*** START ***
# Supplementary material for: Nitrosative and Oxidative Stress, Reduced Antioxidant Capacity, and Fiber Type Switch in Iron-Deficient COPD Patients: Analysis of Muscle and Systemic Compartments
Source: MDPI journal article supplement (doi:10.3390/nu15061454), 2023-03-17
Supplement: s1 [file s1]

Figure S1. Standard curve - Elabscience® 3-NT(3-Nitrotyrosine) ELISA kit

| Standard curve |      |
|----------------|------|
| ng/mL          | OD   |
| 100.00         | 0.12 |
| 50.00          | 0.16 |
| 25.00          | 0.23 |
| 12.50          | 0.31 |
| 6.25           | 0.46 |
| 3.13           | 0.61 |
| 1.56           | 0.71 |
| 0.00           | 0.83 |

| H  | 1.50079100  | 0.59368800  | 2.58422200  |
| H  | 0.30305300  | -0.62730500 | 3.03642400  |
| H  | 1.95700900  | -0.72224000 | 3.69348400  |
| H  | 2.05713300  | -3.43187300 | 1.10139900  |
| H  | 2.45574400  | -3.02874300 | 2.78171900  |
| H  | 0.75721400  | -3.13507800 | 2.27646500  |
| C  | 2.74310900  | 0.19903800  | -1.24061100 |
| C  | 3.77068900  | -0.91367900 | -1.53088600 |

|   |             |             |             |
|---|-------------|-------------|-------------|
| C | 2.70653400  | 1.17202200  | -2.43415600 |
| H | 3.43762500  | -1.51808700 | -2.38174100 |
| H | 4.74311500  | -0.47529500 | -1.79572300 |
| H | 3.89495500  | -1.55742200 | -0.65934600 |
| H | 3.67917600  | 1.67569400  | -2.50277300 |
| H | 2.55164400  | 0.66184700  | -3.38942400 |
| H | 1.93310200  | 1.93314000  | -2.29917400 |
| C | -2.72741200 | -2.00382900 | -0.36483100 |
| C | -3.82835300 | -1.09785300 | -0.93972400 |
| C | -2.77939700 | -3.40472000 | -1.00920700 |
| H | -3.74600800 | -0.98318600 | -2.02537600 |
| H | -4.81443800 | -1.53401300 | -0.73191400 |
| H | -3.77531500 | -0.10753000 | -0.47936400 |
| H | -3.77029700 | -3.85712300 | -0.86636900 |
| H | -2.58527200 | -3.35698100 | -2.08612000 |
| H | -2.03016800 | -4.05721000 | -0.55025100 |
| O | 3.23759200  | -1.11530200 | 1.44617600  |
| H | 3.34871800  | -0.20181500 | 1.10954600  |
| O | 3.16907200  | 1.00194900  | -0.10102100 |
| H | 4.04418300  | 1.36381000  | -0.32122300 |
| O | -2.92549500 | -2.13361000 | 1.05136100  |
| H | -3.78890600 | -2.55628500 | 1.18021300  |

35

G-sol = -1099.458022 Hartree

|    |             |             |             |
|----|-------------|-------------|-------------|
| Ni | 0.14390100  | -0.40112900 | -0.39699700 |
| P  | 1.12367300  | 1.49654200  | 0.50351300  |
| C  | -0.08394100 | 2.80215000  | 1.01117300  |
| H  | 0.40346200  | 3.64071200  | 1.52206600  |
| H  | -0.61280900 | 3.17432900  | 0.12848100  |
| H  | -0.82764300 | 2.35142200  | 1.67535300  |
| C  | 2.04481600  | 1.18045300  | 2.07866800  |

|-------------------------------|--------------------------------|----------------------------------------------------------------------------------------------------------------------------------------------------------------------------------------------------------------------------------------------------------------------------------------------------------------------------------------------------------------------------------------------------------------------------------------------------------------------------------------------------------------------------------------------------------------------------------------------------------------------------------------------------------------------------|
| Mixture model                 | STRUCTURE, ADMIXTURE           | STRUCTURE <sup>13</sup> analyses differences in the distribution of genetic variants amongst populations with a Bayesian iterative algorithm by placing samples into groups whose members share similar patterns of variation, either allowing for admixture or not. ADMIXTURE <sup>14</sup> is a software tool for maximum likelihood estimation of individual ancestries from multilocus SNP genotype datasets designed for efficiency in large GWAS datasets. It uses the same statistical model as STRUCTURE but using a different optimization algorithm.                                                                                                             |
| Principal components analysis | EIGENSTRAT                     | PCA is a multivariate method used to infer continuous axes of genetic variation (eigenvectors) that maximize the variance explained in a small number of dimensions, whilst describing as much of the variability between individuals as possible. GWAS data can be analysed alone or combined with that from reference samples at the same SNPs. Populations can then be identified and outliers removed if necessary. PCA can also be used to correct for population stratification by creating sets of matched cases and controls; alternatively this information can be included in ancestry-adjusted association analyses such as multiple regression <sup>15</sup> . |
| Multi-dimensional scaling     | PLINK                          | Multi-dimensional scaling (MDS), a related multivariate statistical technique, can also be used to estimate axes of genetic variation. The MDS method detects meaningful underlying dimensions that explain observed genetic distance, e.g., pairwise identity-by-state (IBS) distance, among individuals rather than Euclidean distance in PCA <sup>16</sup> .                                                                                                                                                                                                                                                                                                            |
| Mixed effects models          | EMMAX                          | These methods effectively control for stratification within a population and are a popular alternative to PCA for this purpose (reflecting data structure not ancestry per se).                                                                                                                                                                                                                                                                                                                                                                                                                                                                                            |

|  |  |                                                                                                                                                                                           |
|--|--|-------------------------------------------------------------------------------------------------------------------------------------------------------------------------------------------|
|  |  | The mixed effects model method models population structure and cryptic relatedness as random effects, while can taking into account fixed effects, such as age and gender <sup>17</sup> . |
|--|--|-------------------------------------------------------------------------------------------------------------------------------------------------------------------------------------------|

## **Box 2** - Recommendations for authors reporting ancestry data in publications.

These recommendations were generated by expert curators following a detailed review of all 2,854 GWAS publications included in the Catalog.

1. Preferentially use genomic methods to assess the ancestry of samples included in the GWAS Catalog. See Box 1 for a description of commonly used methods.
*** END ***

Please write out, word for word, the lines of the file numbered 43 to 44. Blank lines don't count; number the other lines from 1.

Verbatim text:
| H | 3.34871800  | -0.20181500 | 1.10954600  |
| O | 3.16907200  | 1.00194900  | -0.10102100 |